They didn’t set out to create the most popular art magazine in the country. When the founders of Juxtapoz magazine published their first issue in 1994, they just wanted to create an outlet for “lowbrow” artists that had been excluded from the mainstream art world. These included artists from various outsider communities, including hot-rodders, graffiti writers, the tattoo scene, skate and surf culture, psychedelia, underground comics and pop-surrealism, to name a few. The initial print run of 23,000 quickly sold out, with the magazine’s popularity increasing with each issue. By the late 2000’s, its circulation would reportedly eclipse that of more established art magazines such as ArtForum, Art in America and Art News.
Recently, “Auto-Didactic: The Juxtapoz School,” an exhibition of art cars and art about cars, opened at the Petersen Automotive Museum showcasing the work of 50 artists spanning six decades, including those that influenced the magazine as well as those who have come of age since Juxtapoz burst onto the scene almost 25 years ago. “All these very talented people who didn't have a chance down the street here, they found a home in Juxtapoz,” pioneering lowbrow artist and Juxtapoz co-founder Robert Williams said at the show’s opening, gesturing toward the Los Angeles County Museum Art, just a stone’s throw from the Petersen.
But the Juxtapoz story goes back even further than the magazine’s founding. The previous year, a wildly popular exhibition, “Kustom Kulture,” opened at the Laguna Art Museum, bringing together a motley crew of artists whose work was loosely based around the automobile, including Williams and hot-rodders such as Ed “Big Daddy” Roth and Von Dutch, then-emerging LA artists including Mike Kelley and Jim Shaw, alongside Robert Irwin and other “finish fetish” artists of the 1960s, who brought sleek auto aesthetics into a fine art context.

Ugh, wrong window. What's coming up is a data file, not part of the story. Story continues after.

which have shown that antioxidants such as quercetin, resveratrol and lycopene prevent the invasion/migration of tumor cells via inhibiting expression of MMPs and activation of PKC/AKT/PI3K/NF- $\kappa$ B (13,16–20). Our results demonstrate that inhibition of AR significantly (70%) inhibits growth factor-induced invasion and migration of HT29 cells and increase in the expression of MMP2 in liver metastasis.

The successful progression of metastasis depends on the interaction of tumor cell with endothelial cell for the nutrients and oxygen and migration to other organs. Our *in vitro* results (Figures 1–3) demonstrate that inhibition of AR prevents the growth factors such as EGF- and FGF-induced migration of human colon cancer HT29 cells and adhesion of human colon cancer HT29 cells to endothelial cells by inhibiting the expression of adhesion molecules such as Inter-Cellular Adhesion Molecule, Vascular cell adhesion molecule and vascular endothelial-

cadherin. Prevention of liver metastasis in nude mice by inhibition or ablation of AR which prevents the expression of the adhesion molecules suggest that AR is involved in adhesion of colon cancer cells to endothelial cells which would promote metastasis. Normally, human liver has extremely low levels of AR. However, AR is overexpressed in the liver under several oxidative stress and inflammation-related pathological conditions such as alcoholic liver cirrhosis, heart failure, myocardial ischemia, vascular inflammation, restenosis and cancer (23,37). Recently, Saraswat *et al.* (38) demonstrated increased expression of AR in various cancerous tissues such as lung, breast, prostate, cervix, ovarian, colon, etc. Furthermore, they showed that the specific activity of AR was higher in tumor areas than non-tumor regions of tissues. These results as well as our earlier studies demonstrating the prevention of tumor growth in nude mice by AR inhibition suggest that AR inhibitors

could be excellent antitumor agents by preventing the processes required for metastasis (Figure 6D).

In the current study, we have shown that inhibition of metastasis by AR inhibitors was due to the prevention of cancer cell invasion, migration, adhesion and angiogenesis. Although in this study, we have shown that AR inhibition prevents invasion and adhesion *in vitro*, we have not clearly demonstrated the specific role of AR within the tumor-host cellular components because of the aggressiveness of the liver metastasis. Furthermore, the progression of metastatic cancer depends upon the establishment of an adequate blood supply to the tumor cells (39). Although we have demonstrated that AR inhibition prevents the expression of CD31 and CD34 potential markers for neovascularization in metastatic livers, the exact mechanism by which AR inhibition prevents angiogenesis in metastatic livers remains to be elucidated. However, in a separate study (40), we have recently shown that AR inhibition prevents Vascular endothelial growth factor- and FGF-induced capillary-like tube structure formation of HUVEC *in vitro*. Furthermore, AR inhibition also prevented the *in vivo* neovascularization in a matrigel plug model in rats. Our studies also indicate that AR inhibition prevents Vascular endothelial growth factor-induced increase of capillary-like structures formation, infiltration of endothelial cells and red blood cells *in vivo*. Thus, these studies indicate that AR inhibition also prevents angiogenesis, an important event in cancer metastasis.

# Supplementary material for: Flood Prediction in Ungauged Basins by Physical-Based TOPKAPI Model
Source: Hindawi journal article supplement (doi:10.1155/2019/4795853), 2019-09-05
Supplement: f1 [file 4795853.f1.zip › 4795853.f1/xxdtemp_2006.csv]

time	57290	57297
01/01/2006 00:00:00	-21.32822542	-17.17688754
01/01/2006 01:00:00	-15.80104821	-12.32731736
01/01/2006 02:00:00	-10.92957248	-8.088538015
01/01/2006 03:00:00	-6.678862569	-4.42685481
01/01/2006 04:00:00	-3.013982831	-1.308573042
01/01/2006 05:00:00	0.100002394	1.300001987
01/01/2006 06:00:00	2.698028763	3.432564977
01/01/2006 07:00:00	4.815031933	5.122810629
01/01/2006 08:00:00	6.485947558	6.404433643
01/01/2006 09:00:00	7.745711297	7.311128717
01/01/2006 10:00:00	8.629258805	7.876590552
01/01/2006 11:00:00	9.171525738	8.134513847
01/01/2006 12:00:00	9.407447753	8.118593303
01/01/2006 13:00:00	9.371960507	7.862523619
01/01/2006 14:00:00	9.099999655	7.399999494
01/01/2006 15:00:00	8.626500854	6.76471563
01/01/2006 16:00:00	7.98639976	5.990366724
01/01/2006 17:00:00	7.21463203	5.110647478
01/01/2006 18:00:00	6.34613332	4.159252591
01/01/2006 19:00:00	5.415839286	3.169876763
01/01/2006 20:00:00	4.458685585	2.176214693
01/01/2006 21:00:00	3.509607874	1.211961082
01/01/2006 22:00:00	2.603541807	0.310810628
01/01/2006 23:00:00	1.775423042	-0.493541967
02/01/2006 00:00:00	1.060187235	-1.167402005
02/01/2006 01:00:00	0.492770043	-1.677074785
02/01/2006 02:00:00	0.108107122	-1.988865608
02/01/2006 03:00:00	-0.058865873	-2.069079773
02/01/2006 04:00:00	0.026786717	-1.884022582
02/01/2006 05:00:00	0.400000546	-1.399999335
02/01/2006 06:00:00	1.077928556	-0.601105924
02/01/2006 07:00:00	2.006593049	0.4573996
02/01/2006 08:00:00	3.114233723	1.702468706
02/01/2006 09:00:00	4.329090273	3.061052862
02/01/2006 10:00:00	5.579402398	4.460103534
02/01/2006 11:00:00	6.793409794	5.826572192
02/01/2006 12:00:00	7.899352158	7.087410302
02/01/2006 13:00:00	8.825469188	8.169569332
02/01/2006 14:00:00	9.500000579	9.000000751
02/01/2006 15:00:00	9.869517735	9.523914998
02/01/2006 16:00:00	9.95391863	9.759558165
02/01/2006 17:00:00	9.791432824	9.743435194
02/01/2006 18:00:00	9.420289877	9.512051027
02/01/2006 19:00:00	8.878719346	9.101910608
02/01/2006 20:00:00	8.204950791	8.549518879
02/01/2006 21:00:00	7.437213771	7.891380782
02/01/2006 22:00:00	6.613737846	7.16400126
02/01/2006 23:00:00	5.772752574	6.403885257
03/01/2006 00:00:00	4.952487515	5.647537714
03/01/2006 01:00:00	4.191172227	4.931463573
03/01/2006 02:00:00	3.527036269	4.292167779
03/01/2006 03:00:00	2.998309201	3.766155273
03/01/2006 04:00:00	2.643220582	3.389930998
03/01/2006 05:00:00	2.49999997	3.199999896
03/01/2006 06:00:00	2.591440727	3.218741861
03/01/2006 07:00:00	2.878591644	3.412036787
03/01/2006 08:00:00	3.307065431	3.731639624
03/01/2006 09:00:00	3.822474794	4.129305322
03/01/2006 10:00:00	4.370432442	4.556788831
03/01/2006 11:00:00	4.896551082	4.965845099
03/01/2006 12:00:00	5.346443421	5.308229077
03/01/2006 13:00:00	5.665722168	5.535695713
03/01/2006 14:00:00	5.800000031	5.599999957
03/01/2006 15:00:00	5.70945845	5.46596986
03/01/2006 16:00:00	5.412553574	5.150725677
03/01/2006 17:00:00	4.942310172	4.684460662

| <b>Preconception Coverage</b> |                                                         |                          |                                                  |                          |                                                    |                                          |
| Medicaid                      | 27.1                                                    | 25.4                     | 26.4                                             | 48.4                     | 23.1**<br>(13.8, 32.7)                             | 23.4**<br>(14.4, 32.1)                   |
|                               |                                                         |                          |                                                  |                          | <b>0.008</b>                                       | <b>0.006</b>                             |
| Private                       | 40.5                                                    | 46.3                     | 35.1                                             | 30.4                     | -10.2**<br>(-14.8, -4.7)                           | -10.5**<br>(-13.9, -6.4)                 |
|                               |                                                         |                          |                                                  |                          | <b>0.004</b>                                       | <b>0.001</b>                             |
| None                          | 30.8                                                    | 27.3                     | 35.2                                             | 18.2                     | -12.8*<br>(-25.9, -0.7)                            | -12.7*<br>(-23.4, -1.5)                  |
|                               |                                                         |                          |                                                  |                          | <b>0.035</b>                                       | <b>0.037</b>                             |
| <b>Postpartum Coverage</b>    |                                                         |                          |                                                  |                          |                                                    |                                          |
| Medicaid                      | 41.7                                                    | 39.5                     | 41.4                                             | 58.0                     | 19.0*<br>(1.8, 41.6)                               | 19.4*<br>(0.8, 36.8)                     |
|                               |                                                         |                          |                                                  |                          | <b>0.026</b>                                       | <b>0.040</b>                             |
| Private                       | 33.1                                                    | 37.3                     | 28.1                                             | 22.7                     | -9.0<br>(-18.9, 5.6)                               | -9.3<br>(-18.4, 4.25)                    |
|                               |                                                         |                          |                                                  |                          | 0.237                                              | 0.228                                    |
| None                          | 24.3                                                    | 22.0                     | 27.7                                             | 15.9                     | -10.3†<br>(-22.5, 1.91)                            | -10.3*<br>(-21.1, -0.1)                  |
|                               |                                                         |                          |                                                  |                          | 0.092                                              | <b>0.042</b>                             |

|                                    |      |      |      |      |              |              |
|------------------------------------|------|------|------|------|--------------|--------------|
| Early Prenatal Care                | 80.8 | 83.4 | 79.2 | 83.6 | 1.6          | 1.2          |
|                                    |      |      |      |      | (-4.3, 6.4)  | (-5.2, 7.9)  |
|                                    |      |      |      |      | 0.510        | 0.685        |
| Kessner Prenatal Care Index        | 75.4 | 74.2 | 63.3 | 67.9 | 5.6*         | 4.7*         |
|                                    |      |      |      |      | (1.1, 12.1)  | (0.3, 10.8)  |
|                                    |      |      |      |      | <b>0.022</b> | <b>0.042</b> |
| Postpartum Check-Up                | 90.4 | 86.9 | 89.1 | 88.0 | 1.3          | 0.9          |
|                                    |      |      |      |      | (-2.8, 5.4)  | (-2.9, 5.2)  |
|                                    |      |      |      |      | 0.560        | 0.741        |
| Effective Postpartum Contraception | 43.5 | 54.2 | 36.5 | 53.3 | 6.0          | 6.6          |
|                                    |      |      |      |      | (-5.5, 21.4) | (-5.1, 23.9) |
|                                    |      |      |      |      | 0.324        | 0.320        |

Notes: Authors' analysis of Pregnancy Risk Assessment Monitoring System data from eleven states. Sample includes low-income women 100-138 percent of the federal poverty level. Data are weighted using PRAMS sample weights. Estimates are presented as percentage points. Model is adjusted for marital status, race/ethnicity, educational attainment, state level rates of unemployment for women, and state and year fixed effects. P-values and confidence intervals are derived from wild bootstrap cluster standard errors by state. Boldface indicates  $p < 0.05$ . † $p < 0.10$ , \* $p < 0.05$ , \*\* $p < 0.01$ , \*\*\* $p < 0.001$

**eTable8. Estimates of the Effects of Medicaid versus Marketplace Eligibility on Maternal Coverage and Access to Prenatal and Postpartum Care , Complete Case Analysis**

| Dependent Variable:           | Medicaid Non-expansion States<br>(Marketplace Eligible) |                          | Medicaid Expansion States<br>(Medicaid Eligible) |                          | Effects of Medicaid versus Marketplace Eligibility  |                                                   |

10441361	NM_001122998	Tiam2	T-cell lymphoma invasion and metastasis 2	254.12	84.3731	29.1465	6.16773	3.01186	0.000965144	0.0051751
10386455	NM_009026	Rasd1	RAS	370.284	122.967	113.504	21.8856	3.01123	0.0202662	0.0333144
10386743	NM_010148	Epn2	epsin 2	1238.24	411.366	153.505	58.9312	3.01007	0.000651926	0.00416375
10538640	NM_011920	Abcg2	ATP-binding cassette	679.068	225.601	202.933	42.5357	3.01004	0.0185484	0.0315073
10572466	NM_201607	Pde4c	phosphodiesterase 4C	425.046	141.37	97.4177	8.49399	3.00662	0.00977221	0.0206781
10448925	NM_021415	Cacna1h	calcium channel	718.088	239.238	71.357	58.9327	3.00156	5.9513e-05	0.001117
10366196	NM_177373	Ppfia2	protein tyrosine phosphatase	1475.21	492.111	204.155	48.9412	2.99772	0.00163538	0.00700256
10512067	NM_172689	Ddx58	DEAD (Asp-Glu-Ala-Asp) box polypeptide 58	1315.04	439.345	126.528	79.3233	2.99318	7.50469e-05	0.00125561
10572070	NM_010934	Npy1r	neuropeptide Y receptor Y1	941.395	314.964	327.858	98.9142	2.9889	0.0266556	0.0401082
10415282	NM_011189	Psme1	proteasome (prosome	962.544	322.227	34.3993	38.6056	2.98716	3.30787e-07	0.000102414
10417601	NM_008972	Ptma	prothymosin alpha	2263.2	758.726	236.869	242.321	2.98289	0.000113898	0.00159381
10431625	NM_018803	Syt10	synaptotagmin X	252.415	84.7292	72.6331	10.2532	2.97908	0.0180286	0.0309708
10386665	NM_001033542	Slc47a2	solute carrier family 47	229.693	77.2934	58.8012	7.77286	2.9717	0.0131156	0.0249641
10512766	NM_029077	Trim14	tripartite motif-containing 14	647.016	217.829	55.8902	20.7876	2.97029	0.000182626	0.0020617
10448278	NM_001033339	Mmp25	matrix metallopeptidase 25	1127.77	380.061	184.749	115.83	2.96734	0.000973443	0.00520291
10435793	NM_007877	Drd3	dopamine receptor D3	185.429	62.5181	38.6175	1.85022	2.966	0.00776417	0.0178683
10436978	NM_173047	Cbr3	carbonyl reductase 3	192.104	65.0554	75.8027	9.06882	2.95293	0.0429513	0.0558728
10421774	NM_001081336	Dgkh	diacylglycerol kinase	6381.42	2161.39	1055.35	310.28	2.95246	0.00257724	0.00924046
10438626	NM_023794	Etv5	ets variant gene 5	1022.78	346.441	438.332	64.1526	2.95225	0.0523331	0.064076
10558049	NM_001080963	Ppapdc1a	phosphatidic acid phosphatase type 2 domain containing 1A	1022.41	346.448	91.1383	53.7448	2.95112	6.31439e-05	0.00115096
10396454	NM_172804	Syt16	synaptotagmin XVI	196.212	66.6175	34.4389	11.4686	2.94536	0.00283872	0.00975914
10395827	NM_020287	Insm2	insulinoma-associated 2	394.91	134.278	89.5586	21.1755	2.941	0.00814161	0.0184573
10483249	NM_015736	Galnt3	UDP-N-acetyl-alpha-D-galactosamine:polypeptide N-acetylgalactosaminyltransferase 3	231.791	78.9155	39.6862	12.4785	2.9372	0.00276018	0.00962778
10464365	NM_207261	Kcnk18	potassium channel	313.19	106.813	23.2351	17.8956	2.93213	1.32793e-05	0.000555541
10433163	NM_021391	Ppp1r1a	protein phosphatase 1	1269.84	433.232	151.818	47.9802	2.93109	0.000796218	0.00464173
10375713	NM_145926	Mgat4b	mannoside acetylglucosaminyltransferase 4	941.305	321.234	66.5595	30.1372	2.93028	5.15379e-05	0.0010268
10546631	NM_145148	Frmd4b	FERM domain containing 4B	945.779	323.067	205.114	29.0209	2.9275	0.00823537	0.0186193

According to Williams, the automotive theme was just a ploy to get a bunch of under-recognized “feral” artists — a term he prefers to “lowbrow” — some recognition from the institutional art world. “Some of my friends ingratiated themselves down at the Laguna Museum,” he said when reached by phone the morning after the opening, “and talked them into putting on a car art show, so all these disenfranchised artists could slip into a museum under the pretext of automobile art.”
The show broke attendance records at the museum and gathered momentum as it traveled around the country. Emboldened by its success, a group of artists and collectors, including Williams and his wife Suzanne, artist, writer, and surf and skate historian Craig Stecyk and gallerist Greg Escalante, approached Fausto Vitello, the publisher of skateboarding magazine Thrasher, about putting out an art magazine.
The rest is history.
“Auto-Didactic” starts off by setting the stage, featuring artists and work that predates Juxtapoz, before focusing on artists whose work bears the influence of the magazine.
“We didn't want to do another Kustom Kulture show,” says exhibition co-curator Joseph Harper, who organized the show with Stecyk. (A follow-up to the original, “Kustom Kulture 2,” opened in 2013 at the Huntington Beach Art Center.) “The strength of that show was them breaking the barrier, going into the art museum. This is bringing the art that came out of that back into the car realm.”